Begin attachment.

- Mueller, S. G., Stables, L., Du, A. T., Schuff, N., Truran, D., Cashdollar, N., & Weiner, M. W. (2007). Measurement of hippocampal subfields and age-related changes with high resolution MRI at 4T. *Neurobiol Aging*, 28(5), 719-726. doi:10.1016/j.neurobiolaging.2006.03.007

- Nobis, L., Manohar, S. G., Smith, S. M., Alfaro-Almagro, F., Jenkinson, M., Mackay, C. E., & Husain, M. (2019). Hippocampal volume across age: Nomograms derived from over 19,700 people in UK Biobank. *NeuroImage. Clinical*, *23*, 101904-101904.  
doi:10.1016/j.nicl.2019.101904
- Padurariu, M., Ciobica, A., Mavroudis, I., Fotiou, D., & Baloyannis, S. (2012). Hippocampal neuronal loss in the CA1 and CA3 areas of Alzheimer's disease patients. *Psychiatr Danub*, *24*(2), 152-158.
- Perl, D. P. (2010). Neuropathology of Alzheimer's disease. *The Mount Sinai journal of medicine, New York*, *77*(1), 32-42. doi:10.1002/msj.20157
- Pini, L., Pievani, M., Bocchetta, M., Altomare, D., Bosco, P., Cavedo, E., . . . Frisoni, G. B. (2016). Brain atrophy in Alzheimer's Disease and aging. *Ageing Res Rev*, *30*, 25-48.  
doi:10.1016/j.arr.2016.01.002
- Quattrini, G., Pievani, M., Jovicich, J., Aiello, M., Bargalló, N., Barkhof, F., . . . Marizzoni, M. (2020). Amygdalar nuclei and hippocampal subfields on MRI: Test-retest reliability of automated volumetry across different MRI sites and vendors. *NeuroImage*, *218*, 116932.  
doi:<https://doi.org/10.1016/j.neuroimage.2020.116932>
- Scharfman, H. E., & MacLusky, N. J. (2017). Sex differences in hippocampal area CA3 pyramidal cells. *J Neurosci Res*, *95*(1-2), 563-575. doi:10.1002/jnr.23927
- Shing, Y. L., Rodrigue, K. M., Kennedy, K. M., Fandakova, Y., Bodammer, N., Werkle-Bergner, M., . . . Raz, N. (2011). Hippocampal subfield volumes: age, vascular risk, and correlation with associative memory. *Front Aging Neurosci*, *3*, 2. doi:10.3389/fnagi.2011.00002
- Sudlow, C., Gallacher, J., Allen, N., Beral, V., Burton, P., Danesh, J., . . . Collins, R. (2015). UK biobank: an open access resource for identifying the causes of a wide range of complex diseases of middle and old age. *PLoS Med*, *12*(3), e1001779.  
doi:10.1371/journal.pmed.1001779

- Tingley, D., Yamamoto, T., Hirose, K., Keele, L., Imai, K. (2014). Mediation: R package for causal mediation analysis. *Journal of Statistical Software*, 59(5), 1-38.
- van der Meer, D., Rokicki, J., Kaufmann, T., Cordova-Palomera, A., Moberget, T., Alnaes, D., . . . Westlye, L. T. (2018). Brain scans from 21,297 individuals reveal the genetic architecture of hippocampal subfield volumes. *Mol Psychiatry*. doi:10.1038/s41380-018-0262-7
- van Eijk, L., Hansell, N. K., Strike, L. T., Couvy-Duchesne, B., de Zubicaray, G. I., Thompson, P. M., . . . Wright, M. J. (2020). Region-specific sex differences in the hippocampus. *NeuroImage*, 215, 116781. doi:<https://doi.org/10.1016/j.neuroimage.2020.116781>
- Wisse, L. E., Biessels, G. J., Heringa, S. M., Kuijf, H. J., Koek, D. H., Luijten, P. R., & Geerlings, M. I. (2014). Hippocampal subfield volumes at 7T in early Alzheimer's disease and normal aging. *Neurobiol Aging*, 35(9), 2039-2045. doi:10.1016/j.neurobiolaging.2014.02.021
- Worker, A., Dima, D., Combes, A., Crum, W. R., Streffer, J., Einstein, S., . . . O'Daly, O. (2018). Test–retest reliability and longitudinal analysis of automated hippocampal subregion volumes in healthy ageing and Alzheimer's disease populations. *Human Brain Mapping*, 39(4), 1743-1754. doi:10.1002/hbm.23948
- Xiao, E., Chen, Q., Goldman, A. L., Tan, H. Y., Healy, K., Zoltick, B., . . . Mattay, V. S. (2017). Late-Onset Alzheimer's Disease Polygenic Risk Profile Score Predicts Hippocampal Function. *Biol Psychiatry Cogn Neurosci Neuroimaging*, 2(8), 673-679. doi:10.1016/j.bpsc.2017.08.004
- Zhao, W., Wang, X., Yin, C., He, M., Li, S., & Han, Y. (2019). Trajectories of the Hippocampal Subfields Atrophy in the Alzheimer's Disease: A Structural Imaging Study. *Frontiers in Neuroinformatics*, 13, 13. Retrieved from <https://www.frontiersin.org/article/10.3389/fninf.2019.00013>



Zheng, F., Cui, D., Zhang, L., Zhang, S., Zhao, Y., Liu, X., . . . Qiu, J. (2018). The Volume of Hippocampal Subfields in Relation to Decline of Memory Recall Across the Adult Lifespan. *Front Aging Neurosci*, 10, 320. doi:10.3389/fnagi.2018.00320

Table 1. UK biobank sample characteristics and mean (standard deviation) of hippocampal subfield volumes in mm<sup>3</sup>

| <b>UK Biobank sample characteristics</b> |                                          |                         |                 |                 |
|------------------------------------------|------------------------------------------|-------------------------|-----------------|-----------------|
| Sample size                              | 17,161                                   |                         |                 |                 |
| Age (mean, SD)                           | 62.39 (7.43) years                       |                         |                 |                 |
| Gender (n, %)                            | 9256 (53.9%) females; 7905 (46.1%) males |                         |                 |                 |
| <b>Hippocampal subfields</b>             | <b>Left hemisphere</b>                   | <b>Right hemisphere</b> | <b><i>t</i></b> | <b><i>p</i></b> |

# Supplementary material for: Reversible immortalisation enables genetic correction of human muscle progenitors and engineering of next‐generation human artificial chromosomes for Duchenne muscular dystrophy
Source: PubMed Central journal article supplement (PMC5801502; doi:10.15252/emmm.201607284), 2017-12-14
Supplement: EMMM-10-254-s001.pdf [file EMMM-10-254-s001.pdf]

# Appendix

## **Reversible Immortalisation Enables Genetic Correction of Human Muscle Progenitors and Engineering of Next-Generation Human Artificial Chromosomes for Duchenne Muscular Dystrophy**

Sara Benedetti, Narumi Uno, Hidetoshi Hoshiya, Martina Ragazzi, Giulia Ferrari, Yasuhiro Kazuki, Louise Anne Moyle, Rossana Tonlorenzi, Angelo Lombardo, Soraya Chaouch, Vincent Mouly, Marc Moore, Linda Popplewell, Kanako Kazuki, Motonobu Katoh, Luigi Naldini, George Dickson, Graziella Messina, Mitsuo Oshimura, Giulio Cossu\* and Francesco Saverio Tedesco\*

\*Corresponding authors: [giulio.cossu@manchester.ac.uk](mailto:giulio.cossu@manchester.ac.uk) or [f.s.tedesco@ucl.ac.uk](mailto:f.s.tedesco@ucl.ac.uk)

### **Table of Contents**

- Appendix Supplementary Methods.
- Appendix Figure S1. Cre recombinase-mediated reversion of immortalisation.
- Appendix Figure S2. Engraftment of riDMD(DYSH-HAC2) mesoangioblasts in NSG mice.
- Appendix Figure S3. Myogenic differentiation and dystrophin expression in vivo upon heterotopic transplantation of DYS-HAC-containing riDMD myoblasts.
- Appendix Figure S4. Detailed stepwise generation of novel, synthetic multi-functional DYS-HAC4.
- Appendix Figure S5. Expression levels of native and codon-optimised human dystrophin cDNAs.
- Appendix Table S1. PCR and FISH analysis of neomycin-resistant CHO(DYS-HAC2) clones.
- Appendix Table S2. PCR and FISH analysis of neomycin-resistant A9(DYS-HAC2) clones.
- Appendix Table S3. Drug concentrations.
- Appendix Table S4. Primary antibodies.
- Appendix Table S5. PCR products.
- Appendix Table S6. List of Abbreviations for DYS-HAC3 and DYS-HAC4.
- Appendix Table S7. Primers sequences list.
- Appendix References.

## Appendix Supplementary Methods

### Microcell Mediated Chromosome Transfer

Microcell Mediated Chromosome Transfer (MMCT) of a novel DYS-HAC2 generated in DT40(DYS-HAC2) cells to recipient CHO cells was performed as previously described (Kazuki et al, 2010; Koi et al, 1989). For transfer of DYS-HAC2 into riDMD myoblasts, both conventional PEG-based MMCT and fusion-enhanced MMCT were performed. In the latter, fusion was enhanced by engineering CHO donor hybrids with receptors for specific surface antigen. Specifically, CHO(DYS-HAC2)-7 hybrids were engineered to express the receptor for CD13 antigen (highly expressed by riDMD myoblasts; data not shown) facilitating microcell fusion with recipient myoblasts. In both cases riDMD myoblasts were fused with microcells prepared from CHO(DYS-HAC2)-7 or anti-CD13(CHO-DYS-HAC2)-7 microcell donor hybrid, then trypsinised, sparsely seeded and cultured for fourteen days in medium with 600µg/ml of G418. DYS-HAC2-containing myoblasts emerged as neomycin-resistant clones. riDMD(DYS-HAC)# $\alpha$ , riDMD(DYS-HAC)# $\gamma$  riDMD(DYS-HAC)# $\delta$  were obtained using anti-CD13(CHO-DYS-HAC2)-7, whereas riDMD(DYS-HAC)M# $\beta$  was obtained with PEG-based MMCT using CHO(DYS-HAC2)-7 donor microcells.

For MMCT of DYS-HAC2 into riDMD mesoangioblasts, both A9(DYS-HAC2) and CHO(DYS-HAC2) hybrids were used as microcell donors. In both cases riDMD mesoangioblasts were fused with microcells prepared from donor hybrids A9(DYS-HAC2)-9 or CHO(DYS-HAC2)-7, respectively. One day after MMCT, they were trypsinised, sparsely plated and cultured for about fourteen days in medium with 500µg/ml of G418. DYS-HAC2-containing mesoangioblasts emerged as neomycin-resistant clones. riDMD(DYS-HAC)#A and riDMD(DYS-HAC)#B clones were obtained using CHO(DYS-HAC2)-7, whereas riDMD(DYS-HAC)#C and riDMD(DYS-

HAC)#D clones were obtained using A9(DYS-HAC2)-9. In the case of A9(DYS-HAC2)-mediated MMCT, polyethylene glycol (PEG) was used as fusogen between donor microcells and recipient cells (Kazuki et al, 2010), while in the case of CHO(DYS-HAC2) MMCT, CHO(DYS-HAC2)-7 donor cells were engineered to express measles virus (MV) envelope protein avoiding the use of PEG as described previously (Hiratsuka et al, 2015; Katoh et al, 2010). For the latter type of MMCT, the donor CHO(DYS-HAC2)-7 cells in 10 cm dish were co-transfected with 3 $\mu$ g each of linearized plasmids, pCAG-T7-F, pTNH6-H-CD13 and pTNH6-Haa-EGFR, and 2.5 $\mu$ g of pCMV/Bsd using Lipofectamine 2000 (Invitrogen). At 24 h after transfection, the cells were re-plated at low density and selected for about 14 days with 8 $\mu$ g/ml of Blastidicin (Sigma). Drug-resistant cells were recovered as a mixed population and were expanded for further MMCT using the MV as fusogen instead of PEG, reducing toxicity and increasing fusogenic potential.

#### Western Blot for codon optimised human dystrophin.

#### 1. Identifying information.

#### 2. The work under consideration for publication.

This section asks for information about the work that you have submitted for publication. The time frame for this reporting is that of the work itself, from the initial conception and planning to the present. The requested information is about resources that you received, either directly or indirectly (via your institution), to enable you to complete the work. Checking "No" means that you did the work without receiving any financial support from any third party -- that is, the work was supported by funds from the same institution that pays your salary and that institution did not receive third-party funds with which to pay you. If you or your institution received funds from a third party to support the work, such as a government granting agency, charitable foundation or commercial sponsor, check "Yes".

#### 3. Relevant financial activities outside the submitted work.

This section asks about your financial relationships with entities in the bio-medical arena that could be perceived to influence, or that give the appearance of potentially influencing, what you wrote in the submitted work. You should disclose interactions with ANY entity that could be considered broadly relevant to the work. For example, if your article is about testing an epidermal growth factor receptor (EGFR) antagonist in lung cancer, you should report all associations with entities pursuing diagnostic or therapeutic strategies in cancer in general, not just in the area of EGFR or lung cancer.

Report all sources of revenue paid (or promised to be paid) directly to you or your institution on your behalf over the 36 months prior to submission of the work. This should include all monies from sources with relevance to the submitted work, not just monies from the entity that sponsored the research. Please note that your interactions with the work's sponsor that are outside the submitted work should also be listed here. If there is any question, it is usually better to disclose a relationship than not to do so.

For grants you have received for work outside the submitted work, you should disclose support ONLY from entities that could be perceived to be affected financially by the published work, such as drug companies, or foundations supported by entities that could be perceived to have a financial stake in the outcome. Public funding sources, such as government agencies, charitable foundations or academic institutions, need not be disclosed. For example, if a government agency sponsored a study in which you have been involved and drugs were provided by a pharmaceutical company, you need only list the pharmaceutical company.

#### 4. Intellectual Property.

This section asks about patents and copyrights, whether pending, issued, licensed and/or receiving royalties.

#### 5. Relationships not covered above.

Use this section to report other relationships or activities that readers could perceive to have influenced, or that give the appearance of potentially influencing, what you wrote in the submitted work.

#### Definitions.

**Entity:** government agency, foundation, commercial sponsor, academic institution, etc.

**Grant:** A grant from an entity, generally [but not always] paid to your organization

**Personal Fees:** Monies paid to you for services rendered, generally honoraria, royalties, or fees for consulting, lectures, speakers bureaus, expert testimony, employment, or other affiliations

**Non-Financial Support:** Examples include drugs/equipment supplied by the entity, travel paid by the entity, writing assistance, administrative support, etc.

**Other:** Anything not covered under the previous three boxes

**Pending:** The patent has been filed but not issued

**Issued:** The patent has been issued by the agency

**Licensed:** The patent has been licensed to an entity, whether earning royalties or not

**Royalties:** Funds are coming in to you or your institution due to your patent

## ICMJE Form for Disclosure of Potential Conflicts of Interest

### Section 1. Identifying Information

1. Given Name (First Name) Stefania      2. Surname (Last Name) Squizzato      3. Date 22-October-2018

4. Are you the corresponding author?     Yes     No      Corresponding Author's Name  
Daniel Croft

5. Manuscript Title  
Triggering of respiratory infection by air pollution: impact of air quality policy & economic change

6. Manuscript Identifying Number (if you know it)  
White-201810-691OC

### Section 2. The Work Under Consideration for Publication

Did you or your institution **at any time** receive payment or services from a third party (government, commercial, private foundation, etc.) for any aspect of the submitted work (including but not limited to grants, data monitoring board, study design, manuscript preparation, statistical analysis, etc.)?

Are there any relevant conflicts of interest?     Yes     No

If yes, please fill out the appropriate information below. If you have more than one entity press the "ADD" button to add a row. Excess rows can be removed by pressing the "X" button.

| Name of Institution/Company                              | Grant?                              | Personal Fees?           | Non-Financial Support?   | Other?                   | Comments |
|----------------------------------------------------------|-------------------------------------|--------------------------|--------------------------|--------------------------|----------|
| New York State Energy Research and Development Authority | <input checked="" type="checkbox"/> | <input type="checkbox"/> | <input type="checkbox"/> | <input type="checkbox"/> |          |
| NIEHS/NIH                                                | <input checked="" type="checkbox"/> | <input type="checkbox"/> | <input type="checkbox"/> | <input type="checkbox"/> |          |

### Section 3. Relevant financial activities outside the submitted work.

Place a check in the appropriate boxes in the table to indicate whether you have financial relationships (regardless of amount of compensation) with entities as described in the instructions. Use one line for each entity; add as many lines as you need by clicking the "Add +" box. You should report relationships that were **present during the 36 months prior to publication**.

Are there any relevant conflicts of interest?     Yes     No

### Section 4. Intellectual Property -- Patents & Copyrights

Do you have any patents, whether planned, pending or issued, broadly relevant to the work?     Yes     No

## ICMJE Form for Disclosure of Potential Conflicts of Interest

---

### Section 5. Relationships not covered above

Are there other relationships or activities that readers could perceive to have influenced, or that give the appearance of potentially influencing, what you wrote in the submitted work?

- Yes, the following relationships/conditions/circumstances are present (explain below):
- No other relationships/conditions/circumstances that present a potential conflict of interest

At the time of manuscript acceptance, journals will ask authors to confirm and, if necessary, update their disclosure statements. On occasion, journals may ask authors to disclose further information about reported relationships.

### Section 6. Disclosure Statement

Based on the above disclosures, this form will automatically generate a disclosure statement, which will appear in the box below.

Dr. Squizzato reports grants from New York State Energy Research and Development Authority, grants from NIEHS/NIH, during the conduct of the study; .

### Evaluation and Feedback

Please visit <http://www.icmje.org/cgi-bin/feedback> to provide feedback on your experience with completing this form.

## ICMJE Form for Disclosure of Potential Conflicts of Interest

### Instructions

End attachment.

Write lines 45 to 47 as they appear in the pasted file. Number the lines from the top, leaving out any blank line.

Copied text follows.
- Appendix Table S3. Drug concentrations.
- Appendix Table S4. Primary antibodies.
- Appendix Table S5. PCR products.